The power of breast cancer research
By: Daniel F. Hayes, M.D.
Clinical Director, Breast Oncology Program
Stuart B. Padnos Professor in Breast Cancer Research
University of Michigan Comprehensive Cancer Center
6312 Cancer Center
1500 E. Medical Center Drive
Ann Arbor MI 48109-0942
In 2016, more than 8,000 Michigan women will be diagnosed with breast cancer and nearly 1,500 will die from it. While these statistics would be even worse without the remarkable advances in research and treatment over the last 30 years, we can further cut that number by half or more over the next 10 years if we continue to fight tirelessly to find better treatments for patients.
October was breast cancer awareness month, a time when many organizations raised awareness and funds to further breast cancer research. Recently Susan G. Komen announced its Big Bold Goal of cutting breast cancer mortality in half by 2026. A part of this announcement was Susan G. Komen’s commitment to funding cutting-edge breast cancer research; $32.7 million in new breast cancer grants for 2016.
Here in Michigan, Susan G. Komen has funded 78 research grants since 1982, totaling almost $24 million invested into breast cancer research occurring here in our state. For example, this year the Henry Ford Health Center in Detroit received $600,000 from Susan G. Komen to compare gene expression in triple negative breast cancer (TNBC) patient samples. This research will help determine if shared ancestry, population migration and reproductive patterns contribute to the development of specific subtypes of TNBC and better define TNBC subtypes in diverse populations. My laboratory at the University of Michigan is studying novel methods of detection and characterization of breast cancer cells in the bloodstream. Others at U-M are trying to identify the reasons for resistance to radiotherapy in inflammatory breast cancer and investigate better ways to treat it.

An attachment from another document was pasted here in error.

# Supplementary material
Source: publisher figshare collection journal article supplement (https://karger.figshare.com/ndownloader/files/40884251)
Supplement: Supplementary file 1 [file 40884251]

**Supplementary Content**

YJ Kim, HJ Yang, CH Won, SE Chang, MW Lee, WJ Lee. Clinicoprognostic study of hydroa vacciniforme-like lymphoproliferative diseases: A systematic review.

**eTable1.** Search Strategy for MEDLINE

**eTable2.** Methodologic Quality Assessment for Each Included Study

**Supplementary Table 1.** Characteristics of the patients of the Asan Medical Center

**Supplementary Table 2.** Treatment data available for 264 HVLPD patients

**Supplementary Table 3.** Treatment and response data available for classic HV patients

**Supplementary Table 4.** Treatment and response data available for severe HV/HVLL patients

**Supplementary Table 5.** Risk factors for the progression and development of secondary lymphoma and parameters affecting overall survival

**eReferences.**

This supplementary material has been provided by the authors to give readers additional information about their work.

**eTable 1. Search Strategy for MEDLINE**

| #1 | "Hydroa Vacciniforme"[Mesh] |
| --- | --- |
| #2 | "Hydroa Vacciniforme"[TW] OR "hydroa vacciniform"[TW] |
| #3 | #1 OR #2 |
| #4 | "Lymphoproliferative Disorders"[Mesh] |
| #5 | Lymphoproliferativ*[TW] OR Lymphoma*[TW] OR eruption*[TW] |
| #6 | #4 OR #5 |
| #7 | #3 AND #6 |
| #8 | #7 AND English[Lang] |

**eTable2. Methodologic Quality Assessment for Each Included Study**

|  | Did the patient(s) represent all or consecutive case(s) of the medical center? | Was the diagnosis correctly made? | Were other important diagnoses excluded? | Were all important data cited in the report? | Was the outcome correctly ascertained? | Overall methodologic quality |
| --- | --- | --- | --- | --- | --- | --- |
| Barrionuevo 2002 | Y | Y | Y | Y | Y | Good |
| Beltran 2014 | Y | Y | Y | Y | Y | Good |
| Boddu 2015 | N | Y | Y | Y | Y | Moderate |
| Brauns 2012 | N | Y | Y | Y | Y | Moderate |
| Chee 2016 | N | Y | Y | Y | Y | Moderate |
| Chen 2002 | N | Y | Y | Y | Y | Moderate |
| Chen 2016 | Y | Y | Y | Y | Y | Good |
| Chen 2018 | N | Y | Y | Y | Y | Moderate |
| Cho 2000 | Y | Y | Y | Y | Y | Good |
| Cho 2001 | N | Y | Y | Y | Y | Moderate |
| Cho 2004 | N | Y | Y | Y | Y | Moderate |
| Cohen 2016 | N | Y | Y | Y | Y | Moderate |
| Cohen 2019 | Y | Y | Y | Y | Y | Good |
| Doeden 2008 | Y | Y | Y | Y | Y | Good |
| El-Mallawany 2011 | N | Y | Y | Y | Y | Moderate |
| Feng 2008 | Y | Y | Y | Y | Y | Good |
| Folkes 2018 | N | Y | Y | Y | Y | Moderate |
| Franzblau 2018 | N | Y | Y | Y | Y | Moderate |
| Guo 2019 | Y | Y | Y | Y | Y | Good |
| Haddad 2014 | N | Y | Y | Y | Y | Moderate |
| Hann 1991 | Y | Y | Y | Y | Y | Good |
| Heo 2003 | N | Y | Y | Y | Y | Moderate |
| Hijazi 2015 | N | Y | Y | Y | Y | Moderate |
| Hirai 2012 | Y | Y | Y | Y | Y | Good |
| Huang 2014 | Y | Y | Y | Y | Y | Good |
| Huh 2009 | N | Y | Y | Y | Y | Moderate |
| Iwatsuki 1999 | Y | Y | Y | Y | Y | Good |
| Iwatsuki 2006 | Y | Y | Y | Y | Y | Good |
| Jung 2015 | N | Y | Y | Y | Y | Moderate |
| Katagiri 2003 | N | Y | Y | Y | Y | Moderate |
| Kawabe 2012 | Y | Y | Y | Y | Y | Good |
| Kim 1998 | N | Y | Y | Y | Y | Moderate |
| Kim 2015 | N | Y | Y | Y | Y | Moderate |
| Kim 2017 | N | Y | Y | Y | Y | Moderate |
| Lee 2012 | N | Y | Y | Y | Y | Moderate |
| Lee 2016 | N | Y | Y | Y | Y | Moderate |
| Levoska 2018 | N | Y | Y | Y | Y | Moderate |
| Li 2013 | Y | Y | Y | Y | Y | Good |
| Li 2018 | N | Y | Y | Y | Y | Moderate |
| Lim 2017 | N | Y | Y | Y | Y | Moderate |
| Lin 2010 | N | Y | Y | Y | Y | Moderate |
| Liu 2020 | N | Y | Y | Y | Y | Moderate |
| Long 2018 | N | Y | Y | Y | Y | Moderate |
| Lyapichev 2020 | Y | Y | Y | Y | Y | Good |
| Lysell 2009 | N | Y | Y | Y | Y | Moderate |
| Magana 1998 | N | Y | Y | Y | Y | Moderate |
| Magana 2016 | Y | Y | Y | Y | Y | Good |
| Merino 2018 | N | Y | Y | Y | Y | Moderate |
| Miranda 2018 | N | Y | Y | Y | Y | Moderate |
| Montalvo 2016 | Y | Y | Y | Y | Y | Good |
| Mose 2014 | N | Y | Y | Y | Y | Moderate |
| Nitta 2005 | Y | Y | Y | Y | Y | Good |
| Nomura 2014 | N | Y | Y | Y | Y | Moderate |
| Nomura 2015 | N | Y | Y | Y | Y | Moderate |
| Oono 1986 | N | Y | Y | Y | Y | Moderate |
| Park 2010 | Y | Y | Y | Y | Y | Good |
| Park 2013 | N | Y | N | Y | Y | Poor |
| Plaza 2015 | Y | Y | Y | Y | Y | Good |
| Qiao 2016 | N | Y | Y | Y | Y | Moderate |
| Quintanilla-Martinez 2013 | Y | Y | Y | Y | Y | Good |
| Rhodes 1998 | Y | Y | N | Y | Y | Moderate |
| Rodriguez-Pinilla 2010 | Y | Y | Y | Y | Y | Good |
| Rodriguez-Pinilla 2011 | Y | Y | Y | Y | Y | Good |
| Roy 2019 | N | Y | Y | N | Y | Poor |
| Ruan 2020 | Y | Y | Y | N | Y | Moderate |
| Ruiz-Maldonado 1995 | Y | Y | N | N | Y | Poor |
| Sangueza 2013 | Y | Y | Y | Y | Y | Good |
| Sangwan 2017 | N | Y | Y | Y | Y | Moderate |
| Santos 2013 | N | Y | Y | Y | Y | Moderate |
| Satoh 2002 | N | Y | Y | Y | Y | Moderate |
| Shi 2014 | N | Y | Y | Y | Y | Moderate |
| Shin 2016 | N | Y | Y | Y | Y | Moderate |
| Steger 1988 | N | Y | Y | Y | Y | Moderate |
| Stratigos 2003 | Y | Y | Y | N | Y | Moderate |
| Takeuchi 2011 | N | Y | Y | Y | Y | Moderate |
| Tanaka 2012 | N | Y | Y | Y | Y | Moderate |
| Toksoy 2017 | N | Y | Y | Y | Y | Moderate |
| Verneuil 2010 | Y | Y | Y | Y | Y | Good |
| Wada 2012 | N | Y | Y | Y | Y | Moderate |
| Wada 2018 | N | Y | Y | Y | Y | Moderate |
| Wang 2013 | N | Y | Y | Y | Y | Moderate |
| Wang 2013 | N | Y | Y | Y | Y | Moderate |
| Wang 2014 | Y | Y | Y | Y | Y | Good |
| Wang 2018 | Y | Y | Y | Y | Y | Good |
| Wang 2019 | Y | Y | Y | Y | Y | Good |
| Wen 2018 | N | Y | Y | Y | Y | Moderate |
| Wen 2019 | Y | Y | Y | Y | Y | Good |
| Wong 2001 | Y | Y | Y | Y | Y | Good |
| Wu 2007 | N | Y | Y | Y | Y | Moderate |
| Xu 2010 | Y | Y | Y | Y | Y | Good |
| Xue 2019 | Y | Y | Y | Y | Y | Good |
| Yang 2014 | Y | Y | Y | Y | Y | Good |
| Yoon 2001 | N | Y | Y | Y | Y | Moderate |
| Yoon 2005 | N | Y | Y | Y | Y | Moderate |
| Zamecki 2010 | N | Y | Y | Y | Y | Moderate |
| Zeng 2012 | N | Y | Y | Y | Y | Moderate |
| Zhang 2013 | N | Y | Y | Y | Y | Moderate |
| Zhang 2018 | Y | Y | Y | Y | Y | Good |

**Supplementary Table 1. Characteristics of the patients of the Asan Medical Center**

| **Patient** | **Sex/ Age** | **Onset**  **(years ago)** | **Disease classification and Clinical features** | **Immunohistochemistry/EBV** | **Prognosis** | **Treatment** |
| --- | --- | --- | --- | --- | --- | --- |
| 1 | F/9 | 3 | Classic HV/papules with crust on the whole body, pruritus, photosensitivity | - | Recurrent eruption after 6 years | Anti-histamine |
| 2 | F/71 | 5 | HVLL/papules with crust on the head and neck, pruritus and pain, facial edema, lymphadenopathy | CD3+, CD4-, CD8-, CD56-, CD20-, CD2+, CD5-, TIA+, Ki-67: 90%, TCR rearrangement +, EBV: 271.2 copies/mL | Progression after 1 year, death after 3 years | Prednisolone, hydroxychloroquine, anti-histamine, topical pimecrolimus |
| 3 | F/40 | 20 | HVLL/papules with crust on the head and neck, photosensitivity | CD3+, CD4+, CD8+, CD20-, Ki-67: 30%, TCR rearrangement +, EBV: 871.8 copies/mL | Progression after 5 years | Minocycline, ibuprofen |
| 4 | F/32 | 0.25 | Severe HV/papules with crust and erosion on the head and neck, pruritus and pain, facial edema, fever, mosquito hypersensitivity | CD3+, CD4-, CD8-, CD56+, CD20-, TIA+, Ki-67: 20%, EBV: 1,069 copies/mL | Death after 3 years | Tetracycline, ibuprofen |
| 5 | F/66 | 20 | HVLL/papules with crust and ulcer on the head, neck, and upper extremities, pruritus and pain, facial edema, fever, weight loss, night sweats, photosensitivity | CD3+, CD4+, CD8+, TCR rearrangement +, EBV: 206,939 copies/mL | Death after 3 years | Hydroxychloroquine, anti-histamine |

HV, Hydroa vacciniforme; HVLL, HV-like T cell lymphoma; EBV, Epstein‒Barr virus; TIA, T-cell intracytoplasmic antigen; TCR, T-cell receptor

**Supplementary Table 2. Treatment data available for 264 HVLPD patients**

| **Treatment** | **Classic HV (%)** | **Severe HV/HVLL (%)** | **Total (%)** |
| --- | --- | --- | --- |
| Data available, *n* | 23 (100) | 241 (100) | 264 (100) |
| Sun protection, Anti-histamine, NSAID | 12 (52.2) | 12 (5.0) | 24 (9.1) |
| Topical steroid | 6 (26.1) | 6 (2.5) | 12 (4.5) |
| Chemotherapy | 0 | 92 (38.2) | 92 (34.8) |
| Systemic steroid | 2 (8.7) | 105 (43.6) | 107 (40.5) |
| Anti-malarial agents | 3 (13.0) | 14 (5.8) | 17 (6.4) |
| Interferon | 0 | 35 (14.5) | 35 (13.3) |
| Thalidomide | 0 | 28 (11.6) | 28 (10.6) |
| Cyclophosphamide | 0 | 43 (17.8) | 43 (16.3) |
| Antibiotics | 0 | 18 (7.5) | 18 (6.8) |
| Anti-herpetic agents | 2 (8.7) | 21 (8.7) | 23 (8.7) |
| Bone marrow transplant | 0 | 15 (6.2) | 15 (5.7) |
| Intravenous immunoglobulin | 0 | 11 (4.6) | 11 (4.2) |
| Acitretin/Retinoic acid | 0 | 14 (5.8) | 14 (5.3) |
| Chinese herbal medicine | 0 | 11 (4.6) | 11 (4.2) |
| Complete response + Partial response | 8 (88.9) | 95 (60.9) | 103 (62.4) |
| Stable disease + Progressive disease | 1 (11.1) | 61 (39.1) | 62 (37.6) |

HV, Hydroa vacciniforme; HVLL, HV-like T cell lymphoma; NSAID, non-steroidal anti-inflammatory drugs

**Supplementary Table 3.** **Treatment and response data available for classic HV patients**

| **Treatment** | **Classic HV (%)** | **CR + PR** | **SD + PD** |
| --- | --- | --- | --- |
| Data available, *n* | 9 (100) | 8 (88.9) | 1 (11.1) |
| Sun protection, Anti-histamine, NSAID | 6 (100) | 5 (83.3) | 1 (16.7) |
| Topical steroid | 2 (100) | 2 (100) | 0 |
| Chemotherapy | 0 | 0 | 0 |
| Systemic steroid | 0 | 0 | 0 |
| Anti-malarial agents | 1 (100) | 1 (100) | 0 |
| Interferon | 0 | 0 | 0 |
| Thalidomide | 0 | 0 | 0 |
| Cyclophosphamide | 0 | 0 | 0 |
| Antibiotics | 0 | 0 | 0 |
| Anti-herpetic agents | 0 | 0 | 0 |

For those of us who are breast cancer researchers, and especially to those of us who care for patients with breast cancer, the re-affirmation of Susan G. Komen’s commitment to reducing breast cancer in the United States through doing more cutting-edge, life-saving research is critical. This research is necessary because it brings us a step closer to finding new treatments for the most aggressive forms of breast cancer that are killing 40,000 Americans each year. Through our research, we are working to find more effective diagnostic and treatment strategies that will help cure, or even prevent, this all-too-common disease.
I applaud the many agencies supporting breast cancer research, including our local affiliate, Susan G. Komen Michigan, for their efforts to reduce breast cancer mortality in Michigan. They continue to work tirelessly to attack breast cancer on all fronts, including research into the cures. Through this research, we can save more lives and reduce breast cancer risk for future generations.
Yes, we have made progress in fighting this terrible disease. However, as long as it continues to take its toll, we have lots of work to do. We all – doctors, researchers, survivors and supporters – will continue to come together to attack breast cancer on all fronts and keep pushing forward with cutting-edge, live-saving research.